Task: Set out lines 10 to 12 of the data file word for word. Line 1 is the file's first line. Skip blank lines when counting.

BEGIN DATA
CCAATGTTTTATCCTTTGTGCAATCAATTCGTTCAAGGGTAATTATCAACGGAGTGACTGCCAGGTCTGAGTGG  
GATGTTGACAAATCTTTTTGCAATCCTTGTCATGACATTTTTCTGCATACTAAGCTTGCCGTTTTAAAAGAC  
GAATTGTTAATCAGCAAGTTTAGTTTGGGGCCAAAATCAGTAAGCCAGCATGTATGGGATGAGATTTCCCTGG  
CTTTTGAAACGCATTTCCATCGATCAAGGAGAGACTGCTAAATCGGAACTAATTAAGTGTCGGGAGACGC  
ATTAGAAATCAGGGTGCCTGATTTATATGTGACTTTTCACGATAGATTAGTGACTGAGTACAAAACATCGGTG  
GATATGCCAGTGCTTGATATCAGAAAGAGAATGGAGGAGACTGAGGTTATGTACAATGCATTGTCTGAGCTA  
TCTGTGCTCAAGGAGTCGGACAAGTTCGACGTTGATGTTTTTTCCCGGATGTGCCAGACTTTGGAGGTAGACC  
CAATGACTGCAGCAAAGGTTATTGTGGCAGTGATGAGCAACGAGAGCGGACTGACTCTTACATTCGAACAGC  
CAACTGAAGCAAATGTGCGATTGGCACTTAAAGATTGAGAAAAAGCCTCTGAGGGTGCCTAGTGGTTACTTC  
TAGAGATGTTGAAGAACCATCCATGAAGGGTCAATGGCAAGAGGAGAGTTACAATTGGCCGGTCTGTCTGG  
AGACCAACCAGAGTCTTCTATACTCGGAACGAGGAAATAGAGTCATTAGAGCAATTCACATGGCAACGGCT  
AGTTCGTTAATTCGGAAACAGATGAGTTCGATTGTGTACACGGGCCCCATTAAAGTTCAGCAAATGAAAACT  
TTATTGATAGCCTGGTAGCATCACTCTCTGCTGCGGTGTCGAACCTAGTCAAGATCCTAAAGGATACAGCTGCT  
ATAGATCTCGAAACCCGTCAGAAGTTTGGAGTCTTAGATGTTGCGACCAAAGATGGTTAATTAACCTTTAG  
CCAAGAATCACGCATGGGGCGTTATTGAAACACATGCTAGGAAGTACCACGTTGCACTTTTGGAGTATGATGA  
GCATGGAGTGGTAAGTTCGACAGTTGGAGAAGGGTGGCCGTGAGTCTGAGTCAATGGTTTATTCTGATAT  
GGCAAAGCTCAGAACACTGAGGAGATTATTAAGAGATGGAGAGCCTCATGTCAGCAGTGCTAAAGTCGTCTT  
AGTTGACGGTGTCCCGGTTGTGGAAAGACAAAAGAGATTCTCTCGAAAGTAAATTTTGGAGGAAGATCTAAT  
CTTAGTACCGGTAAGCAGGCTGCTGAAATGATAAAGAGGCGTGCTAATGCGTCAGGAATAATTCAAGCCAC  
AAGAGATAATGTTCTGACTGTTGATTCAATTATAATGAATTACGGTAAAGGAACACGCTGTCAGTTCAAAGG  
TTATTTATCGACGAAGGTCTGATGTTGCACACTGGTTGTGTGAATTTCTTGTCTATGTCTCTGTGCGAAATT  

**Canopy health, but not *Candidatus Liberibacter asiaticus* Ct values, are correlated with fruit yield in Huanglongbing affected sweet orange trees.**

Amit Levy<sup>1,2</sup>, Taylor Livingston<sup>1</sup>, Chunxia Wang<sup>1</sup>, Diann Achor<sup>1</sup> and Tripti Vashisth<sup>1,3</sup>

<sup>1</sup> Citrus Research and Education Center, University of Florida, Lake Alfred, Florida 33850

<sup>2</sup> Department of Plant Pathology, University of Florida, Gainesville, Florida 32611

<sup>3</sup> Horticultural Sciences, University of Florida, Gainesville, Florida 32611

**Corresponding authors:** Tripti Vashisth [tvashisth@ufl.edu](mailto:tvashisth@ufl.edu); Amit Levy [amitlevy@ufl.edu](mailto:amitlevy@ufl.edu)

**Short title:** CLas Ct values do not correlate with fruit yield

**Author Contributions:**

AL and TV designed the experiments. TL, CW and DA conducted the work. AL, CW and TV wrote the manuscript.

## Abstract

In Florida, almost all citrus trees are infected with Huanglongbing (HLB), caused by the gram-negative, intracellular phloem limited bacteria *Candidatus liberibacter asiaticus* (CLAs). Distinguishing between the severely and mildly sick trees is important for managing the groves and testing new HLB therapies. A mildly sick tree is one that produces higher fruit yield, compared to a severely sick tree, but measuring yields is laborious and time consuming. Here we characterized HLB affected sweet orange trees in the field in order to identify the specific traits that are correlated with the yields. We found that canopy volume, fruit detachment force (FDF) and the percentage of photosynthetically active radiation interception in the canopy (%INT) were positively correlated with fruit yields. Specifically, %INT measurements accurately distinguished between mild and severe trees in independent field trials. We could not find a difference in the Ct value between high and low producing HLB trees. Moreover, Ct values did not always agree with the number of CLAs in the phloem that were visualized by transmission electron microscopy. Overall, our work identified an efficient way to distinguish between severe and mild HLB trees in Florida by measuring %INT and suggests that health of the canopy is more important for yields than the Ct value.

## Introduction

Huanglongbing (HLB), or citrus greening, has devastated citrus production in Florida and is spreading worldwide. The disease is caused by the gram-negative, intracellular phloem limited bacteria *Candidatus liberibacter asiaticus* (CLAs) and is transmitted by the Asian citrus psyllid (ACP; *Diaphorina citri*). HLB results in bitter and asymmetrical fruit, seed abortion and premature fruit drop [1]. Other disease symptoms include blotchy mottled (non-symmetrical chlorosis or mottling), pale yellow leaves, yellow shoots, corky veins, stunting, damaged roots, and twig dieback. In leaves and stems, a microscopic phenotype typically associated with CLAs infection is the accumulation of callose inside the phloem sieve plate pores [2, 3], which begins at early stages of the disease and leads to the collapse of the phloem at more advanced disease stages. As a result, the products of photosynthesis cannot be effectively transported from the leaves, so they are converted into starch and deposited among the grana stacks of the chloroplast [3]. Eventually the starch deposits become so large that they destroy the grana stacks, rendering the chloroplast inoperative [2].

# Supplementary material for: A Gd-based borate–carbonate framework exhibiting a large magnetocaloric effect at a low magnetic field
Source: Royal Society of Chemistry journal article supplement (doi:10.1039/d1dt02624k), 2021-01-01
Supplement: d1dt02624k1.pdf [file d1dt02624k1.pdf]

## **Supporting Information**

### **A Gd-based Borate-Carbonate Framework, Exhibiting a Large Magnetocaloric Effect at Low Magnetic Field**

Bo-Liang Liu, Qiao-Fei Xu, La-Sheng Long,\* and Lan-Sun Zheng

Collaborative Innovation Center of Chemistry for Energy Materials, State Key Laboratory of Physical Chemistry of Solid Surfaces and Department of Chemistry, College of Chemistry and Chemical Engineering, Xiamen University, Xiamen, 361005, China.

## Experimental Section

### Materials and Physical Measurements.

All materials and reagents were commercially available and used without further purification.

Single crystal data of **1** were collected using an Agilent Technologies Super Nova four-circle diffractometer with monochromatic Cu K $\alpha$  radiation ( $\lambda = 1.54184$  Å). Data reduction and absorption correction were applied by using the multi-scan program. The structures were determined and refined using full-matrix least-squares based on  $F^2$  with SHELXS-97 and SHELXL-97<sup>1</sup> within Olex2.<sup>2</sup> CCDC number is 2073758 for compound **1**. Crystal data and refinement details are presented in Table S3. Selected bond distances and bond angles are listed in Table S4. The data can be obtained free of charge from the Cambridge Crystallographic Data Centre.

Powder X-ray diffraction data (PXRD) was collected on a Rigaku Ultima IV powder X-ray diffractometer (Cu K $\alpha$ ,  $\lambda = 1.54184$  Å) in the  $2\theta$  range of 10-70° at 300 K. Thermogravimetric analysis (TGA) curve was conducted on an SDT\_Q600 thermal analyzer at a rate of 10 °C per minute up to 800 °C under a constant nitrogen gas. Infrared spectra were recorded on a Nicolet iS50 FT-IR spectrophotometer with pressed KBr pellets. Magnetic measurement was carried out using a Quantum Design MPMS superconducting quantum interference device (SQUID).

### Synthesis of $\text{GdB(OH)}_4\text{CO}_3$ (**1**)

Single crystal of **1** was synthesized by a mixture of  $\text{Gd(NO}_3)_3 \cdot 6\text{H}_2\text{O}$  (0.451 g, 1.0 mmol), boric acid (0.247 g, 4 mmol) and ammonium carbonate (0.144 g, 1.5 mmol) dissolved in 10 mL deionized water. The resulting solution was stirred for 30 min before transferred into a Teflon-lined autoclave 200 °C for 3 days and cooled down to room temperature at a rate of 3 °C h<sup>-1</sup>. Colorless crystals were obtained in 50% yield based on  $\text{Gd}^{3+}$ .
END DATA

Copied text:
TAGAGATGTTGAAGAACCATCCATGAAGGGTCAATGGCAAGAGGAGAGTTACAATTGGCCGGTCTGTCTGG  
AGACCAACCAGAGTCTTCTATACTCGGAACGAGGAAATAGAGTCATTAGAGCAATTCACATGGCAACGGCT  
AGTTCGTTAATTCGGAAACAGATGAGTTCGATTGTGTACACGGGCCCCATTAAAGTTCAGCAAATGAAAACT  